A domain name is always read from back to front. There the address begins with the top-level domain (TLD). A distinction is made between two types of top-level domains. Geographic top-level domains, the country codes defined in accordance with ISO 3166-1 and referred to as country code top-level domains (ccTLD). Then there are the organizational or generic top-level domains (generic top-level domains, gTLD).

The second-level domain can be applied for and used by a person or organization. The second-level domain forms a domain name space under the top-level domain, which enables the organization to operate a server with the name "www", which can then be found on the Internet under "www.elektronik-kompendium.de, for example "can be achieved.
There is also a third-level domain for further subdivisions, which is also referred to as a sub-level domain or subdomain. The optional host name of the computer is then inserted at the very end of the chain (at the beginning of the domain name).

An address composed in this way (for example www.elektronik-kompendium.de) is a so-called fully qualified domain name (FQDN).

Organizational top-level domains (excerpt)

Domain (gTLD)Organizational form
.aeroAir transportation industry
.arpaOld Arpanet domain
.bizBusiness, for large and small companies
.comCommercial domain
.coopCooperations, cooperatives
.eduSchools, universities, educational institutions
.govUnited States Government Agencies
.infoInformation services
.intInternationally active institutions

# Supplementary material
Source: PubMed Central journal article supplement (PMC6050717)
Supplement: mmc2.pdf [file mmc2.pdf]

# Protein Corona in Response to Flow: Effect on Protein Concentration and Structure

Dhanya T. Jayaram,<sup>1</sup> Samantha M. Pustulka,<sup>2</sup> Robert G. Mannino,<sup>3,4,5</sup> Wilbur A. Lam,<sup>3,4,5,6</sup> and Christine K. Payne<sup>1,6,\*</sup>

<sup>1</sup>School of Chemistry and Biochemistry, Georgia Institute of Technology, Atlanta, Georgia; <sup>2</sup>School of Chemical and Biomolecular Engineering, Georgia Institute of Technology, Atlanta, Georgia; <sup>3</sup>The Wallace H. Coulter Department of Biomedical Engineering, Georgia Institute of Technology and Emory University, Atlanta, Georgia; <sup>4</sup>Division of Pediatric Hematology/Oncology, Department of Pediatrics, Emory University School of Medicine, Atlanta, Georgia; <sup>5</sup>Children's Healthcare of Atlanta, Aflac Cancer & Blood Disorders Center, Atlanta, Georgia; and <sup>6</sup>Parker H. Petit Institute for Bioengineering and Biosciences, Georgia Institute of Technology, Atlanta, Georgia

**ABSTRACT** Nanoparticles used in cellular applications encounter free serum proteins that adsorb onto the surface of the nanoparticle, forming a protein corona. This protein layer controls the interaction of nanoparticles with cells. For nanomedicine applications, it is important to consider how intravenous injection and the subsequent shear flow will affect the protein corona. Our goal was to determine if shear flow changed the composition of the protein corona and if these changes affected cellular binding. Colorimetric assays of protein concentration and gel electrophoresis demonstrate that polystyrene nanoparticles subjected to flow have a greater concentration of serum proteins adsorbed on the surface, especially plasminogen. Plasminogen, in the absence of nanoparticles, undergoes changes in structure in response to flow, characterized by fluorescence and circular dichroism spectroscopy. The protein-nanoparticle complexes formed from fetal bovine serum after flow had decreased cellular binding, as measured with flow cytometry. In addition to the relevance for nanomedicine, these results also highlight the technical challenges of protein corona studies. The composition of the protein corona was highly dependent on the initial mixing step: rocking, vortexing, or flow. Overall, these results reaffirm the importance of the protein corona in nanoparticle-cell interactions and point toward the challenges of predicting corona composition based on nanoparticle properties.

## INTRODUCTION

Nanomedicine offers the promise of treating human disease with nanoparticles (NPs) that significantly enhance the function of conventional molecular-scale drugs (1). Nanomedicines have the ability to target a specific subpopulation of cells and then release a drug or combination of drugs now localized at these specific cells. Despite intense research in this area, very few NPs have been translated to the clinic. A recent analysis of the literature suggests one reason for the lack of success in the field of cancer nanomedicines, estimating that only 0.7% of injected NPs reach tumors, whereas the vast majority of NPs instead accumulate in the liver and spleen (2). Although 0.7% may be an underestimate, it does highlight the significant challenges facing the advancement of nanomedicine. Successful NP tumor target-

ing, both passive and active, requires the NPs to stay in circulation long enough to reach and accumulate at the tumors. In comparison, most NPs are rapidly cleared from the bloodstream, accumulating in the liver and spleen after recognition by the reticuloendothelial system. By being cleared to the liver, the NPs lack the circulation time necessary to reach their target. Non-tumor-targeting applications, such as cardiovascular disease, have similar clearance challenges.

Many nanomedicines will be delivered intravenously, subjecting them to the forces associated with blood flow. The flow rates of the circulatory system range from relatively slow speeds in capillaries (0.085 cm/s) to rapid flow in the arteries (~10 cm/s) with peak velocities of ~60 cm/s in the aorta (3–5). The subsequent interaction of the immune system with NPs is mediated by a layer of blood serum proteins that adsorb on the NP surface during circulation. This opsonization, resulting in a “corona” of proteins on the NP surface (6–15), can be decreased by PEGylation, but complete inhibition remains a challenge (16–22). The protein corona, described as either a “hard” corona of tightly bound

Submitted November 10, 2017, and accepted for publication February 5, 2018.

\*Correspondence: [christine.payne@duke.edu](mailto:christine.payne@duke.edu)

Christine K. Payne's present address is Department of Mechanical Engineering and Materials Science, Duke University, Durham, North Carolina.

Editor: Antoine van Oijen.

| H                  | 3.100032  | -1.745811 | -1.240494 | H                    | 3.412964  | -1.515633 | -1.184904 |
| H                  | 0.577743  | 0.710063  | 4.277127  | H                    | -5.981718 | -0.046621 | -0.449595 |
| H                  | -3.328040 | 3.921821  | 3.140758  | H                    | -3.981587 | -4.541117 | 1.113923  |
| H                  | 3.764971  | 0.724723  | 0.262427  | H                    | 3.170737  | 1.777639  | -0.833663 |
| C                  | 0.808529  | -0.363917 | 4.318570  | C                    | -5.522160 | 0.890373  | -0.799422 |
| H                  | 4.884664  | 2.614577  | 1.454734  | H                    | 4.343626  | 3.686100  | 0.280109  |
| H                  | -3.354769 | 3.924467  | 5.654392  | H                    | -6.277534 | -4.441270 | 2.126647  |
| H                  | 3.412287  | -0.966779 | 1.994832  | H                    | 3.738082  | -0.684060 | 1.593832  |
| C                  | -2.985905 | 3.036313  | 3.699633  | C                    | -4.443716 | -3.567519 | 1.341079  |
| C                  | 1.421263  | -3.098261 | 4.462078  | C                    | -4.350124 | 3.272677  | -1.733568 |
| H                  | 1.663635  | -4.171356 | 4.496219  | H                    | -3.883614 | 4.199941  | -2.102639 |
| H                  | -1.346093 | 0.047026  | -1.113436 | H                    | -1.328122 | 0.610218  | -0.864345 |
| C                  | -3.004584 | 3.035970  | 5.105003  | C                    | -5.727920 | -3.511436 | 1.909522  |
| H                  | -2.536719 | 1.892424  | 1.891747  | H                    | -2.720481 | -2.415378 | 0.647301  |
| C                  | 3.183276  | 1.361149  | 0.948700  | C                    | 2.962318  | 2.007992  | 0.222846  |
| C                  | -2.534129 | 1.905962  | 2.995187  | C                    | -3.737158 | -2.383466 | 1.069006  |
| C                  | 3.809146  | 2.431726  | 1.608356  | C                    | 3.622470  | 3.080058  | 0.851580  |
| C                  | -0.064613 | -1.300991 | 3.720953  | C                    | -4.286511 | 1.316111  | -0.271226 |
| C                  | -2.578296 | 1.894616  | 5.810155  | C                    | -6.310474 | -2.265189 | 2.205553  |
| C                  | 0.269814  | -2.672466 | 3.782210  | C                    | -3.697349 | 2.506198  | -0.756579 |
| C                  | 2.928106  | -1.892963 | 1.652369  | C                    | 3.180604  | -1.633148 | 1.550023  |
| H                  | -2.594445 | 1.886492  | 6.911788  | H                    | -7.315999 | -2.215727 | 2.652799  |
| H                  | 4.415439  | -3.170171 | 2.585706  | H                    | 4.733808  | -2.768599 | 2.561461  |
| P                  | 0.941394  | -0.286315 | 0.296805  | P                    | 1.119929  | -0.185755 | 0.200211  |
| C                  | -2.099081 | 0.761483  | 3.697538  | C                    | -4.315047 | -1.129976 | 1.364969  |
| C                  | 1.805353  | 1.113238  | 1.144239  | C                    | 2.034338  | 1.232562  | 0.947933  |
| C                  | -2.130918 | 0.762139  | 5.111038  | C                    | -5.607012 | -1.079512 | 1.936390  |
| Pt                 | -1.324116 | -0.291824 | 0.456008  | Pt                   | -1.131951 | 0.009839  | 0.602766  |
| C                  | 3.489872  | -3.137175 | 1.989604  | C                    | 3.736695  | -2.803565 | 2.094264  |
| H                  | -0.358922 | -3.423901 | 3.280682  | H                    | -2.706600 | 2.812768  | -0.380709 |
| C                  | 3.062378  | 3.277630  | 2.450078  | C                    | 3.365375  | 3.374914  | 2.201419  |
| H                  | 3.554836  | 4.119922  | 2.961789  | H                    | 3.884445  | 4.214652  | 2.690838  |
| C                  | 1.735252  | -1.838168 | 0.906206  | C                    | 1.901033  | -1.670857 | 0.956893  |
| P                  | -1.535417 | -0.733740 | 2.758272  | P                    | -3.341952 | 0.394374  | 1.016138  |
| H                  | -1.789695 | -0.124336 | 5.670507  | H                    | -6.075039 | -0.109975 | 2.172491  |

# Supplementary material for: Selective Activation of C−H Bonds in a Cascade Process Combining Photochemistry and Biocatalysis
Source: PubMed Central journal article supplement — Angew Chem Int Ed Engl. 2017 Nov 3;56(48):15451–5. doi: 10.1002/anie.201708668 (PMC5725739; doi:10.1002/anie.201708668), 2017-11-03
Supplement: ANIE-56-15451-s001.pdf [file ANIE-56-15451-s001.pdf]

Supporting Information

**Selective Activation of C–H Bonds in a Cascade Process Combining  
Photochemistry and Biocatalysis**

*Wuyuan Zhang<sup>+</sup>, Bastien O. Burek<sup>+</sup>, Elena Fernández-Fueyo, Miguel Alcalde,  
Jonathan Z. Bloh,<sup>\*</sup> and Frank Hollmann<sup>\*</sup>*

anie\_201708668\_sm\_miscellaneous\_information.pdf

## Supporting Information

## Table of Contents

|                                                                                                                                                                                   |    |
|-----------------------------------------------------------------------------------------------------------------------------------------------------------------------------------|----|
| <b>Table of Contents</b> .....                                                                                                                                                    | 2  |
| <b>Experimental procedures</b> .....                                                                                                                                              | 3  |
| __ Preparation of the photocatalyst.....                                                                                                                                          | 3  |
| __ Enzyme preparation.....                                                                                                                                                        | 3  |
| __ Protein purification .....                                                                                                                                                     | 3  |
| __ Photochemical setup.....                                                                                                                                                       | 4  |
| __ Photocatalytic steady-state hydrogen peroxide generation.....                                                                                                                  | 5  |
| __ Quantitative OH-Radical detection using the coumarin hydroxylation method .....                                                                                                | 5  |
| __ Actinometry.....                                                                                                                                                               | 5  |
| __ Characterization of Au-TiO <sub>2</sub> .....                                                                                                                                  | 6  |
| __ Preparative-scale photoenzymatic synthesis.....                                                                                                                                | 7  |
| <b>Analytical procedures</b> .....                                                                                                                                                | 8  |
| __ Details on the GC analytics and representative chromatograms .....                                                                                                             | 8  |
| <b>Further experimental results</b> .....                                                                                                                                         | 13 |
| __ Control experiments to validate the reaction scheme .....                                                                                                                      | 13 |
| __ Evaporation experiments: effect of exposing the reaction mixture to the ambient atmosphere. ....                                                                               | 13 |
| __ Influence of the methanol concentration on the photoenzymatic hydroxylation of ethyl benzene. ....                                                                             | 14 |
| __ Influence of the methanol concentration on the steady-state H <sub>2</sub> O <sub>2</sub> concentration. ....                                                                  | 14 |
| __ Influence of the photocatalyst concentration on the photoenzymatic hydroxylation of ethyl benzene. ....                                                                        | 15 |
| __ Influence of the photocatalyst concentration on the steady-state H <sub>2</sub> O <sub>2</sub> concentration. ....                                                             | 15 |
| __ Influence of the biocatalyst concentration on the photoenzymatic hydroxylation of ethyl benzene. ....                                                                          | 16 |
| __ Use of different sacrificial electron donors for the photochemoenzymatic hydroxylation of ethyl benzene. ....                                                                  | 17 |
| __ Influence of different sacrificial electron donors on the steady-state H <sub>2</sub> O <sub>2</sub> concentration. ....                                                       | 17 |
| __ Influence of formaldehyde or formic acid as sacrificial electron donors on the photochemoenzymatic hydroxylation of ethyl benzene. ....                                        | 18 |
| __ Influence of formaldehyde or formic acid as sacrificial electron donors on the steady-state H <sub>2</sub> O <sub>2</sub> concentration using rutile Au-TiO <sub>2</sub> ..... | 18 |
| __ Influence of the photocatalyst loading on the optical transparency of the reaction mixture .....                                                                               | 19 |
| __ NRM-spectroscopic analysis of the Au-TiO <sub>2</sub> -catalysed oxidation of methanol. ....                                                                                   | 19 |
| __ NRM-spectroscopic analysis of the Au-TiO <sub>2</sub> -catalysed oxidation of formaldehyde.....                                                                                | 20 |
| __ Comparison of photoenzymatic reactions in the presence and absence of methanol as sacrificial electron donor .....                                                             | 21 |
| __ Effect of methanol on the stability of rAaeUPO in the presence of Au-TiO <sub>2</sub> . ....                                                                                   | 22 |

.milUnited States military
.museumMuseums
.SurnamePrivate individuals
.netNetwork-specific services and offers
.orgNon-commercial ventures and projects
.PerProfessionals, special professional groups
...

Geographic top-level domains (excerpt)

Domain (ccTLD)country
.atAustria
.auAustralia
.ccCoconut Islands
.chSwitzerland
.deGermany
.frFrance
.gbGreat Britain
.ieIreland
.itItaly
.liLichtenstein
.nlNetherlands
.noNorway
.ruRussia
.toTonga
.ukUnited Kingdom
...

The top-level domain (TLD) is followed by the second-level domain (SLD), which can have any name that is unique to the top-level domain. The respective NIC responsible for the top-level domain manages the second-level domains. For .de (Germany) this is DENIC.
In some countries, such as Great Britain, there are defined second-level domains (for example .co.uk., .Ac.uk. Or .gov.uk.) For better differentiation. Below the second-level domain there may be further sub-level domains (subdomains) for which the owner of the second-level domain is responsible.

Division of tasks in the DNS

One task in the Domain Name System is name resolution. Another task is the administration of the DNS zones. At the top are the so-called root servers, which store information on the top-level domains (TLD).
On the levels below, there are other name servers that are responsible for domains or subdomains and authorized to provide information.
And then there are DNS servers that only deal with name resolution and forward requests and cache the responses to successful requests.
Or to put it another way, not all DNS servers are created equal. Everyone has a different role and responsibility in the DNS.

DNS zones

A DNS zone is an area of ​​responsibility or an administrative unit that is usually tied to part of a domain name. An authoritative DNS server is responsible for one or more of these DNS zones. This means that he is the one from whom a DNS request can be answered unambiguously and correctly for his zone.
The data of a zone are in a local zone file that must be maintained by the responsible administrator.

Entries in a DNS zone or zone file

The entries in a DNS zone are known as resource records. Each resource record relates to a different record type that contains specific information. For example an IP address or the mail server address of a domain name or the zone.